Uphilldowndale

Watching nature take its course, from the top of a hill in northern England


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Time and Tide Part II

I was giving you a tour of Rhosilli Bay on the Gower Peninsular,  but I got distracted. It happens.

I thought you might like to see the remains of   the Helvetia, wrecked  in 1887

Wreck

It is amazing that the tides and pounding storms of the last 129 years haven’t swept away every trace of this ship, especially as it was extensively salvaged.

And given that these are timbers, wood, a natural, bio-degradable material, and they are still with on this beach,  just think  of plastic and of its non bio-degradable qualities, and hold that thought, for a post or two.

Its old  timber bones have simply slumped into the sands

Wreck 3 

Explorer Edgar Evans, was born in Rhosilli in in 1876, its said* that as a young boy seeing the drama of the wrecking of the Helvetia was in part, instrumental in him joining the navy, where he became a member of the “Polar Party” in Robert Falcon Scott‘s ill-fated Terra Nova Expedition to the South Pole in 1911–1912 from which he never returned.

Worms head_

* I did read that bit in the pub in Rhosilli, I think I’ve got the detail right. I’m sure someone will correct me if needs be.


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Slow to germinate part two

Following on from my last post (eventually) where explored the underground vaults of Kew’s Millennium Seed Bank. 

Back up into the life giving light for this post: the setting is glorious,  its both contemporary,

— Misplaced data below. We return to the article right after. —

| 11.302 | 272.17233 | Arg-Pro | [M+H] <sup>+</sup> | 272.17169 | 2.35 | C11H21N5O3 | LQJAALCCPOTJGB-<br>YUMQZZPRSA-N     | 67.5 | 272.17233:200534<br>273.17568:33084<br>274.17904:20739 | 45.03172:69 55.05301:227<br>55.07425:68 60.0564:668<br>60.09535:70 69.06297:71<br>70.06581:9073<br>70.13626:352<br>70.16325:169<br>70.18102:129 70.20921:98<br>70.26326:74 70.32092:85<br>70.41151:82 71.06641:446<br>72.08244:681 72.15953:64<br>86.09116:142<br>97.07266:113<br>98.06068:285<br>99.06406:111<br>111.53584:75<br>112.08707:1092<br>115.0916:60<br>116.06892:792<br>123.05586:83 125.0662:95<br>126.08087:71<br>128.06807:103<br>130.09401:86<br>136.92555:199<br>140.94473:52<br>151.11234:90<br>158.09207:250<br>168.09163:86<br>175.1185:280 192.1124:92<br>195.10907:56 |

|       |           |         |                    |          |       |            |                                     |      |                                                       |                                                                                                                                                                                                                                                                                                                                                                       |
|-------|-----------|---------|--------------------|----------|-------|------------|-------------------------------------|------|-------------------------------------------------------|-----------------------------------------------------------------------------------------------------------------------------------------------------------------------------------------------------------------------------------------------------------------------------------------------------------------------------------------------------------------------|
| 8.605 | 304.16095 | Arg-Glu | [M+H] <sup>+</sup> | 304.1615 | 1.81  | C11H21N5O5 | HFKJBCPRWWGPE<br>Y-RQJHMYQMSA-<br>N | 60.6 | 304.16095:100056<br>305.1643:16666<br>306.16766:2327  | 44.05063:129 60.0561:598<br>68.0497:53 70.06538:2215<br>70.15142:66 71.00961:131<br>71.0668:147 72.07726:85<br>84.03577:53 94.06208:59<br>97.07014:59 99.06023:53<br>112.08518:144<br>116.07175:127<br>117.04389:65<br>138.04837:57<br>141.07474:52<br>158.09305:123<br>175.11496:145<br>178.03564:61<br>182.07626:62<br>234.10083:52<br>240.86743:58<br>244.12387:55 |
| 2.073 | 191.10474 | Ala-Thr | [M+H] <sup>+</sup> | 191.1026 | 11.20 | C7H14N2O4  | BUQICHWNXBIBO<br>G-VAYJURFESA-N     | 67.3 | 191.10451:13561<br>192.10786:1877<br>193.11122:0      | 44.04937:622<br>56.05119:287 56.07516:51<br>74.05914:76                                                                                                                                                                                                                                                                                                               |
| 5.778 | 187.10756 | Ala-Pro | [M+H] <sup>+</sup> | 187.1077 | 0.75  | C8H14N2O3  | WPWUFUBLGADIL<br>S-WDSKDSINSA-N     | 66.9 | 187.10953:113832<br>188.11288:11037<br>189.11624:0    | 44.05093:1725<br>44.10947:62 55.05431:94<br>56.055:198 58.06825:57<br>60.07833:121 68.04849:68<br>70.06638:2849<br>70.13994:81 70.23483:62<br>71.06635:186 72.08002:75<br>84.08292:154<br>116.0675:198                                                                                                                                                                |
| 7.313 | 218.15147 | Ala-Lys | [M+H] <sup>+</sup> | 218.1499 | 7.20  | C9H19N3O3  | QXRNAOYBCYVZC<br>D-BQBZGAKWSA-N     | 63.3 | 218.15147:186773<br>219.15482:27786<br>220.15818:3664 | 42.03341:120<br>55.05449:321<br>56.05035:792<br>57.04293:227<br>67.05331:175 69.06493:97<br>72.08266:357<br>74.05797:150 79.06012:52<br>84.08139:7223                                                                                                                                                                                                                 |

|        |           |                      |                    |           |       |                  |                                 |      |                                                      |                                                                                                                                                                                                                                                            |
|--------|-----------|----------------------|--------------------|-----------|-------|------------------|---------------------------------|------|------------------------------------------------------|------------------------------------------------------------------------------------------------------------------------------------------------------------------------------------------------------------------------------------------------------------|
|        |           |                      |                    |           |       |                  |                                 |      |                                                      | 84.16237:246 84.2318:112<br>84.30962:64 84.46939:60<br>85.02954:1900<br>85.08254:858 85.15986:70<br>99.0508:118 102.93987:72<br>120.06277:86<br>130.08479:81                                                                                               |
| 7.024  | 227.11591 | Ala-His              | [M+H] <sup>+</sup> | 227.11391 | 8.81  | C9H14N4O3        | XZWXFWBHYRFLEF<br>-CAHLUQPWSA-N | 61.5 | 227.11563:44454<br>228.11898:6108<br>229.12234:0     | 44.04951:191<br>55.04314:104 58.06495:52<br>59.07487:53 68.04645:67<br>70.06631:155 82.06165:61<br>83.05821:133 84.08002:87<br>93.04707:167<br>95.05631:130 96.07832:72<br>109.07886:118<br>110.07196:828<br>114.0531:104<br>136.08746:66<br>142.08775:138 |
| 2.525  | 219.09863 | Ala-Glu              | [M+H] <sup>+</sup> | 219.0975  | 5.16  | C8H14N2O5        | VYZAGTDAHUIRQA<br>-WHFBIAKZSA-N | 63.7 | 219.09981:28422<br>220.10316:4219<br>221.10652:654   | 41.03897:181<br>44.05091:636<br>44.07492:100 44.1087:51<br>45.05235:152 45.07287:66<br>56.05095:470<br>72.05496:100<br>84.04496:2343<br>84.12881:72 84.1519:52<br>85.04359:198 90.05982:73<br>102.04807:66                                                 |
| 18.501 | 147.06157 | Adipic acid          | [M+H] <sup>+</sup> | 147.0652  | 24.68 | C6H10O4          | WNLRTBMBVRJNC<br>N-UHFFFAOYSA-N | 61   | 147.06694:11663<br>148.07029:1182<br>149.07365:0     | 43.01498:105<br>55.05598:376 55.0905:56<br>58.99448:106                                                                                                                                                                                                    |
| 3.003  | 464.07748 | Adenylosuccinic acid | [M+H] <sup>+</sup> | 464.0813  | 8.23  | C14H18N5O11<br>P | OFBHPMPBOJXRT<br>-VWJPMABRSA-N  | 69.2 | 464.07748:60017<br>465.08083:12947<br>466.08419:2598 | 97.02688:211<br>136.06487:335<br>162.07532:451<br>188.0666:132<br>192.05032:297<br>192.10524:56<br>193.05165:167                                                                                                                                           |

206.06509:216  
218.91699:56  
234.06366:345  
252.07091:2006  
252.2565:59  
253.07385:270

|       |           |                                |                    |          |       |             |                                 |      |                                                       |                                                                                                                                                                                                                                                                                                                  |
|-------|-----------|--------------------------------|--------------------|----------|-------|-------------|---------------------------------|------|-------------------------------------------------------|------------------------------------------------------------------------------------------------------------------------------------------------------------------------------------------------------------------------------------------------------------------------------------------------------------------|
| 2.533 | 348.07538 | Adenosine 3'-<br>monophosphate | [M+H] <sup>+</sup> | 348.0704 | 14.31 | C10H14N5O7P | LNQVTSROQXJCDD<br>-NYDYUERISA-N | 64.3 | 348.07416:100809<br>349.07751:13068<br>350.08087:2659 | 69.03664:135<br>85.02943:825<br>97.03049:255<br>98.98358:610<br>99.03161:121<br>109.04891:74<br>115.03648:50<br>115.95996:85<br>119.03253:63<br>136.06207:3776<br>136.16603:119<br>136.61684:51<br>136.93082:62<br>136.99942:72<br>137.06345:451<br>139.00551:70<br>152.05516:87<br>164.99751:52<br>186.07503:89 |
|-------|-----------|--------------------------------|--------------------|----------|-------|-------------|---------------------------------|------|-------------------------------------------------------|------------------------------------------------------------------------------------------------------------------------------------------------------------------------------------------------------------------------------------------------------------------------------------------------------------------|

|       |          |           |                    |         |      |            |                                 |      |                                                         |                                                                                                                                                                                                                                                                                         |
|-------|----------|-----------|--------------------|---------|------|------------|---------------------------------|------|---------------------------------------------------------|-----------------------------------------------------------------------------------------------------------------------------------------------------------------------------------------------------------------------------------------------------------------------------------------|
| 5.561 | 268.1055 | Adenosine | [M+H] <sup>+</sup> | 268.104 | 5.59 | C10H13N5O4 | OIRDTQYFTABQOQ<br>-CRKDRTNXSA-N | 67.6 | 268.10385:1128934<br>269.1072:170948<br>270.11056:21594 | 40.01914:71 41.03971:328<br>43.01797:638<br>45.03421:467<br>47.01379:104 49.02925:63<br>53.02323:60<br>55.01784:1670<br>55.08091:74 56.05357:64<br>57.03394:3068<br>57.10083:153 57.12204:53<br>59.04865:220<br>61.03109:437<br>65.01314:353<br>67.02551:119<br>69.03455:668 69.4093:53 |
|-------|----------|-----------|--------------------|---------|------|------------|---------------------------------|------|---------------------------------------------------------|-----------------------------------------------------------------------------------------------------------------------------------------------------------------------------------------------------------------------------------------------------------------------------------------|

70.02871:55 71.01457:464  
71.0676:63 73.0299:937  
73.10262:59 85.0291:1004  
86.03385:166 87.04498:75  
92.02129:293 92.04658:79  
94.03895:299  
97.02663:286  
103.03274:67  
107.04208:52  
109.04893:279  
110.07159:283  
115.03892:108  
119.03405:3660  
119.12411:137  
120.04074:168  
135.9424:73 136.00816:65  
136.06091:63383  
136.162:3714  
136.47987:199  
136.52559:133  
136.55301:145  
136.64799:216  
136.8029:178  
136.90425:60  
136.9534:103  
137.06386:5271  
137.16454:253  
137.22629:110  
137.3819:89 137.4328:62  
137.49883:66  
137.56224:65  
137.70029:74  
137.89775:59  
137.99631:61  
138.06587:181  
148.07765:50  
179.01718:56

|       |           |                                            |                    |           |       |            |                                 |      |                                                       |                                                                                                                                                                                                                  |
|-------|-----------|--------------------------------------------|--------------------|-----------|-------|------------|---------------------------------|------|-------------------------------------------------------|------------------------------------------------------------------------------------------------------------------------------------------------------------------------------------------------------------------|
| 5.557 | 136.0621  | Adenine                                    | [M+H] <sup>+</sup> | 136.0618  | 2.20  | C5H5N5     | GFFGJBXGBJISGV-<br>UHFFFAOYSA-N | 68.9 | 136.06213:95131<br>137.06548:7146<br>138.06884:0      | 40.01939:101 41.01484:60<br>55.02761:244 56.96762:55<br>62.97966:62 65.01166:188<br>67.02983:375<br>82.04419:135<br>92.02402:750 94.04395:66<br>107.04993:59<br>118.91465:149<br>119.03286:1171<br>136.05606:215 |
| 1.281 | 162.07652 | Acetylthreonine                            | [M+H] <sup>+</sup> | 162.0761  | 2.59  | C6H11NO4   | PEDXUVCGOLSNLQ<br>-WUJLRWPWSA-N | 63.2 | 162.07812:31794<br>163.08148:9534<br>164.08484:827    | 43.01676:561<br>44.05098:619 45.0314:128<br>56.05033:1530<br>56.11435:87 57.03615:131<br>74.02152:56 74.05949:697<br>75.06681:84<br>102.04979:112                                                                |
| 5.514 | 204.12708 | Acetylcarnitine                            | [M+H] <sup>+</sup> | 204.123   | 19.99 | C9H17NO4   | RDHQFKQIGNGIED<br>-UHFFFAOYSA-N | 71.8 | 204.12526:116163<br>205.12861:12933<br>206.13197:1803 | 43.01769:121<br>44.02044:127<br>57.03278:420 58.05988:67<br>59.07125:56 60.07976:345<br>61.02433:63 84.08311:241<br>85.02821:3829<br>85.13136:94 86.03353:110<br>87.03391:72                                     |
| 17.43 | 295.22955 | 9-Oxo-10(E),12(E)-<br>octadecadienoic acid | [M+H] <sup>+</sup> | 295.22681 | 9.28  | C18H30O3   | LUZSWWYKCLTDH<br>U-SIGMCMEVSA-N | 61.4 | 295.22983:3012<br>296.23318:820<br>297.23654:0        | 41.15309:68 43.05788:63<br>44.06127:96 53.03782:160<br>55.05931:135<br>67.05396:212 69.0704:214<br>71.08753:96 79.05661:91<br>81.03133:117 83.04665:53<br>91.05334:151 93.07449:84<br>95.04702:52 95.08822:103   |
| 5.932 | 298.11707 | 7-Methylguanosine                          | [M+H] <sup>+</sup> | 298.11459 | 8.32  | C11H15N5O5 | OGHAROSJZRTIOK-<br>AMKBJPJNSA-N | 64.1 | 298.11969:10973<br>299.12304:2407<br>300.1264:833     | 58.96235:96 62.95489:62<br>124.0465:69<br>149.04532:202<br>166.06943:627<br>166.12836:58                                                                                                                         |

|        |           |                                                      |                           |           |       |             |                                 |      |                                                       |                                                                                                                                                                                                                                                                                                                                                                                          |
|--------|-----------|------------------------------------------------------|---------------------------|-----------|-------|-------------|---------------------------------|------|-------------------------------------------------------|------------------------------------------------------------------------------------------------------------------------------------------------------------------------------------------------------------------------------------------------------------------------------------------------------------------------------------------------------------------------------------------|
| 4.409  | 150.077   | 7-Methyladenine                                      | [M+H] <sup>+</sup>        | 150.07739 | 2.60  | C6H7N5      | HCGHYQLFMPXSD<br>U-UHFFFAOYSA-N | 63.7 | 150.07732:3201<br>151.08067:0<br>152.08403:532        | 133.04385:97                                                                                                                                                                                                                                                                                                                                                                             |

seed bank ext 2

and  historic

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not to mention scientific

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the precious seeds are nurtured,

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given the exactly the right  conditions for their development, hot,cold, damp, dry reflecting their origins from around the globe.

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Then lavished with care, moving from the laboratory to the glasshouses.

please leave as you find

where highly skilled staff  cater for their every need

how to water

Oh how I love the shapes,

no water 

forms

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and colours to be found in nature

how house_

When we’d finished our very special tour, we spent some time in the grounds of Wakehurst, which is in Sussex not London, please note! With its abundant wildlife, look how you can see the colour of the flower through the bees wing.

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There is scrumptious sculpture

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and wild meadows

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(oh I’m a sucker for a wild flower meadow).

Moon penny  5


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Slow to germinate, part one

It would be churlish of me to complain about the weather, its been wet grey and dismal, but we’ve had nothing like the troubles of great swathes of the UK.  I’ve not been out with the camera, I’ve been very happy to fall into a state of semi hibernation. It’s the time of year where curling up with a seed catalogue in front of a warm fire seems like an ideal  way to pass  the time.

So it perhaps seems fitting to dig up a post that has been lying  in  a dormant state in my  blog drafts since June 2014. Yes 2014

Some of you may have been around long enough to remember that the Royal Botanic Gardens at Kew hold a special place in the  hearts and history of Mr Uphilldowndale’s family.

It was as a result of this connection we had the privilege of visiting Kew’s Millennium Seed Bank  at Wakehurst in Sussex ;  in a nut shell, the aim of the seed bank is to provide an insurance policy against extinction of plants in the wild.

seed bank ext

When HRH Prince Charles opened the Millennium Seed bank he described it as a ‘a gold reserve … a place where this reserve currency, in this case life itself, is stored’.

It’s a special place.

breathing planet_

We  had a full behind the scenes tour.  Seeds arrive from all over the world, some are collected by Kew scientists in the field,

so many seeds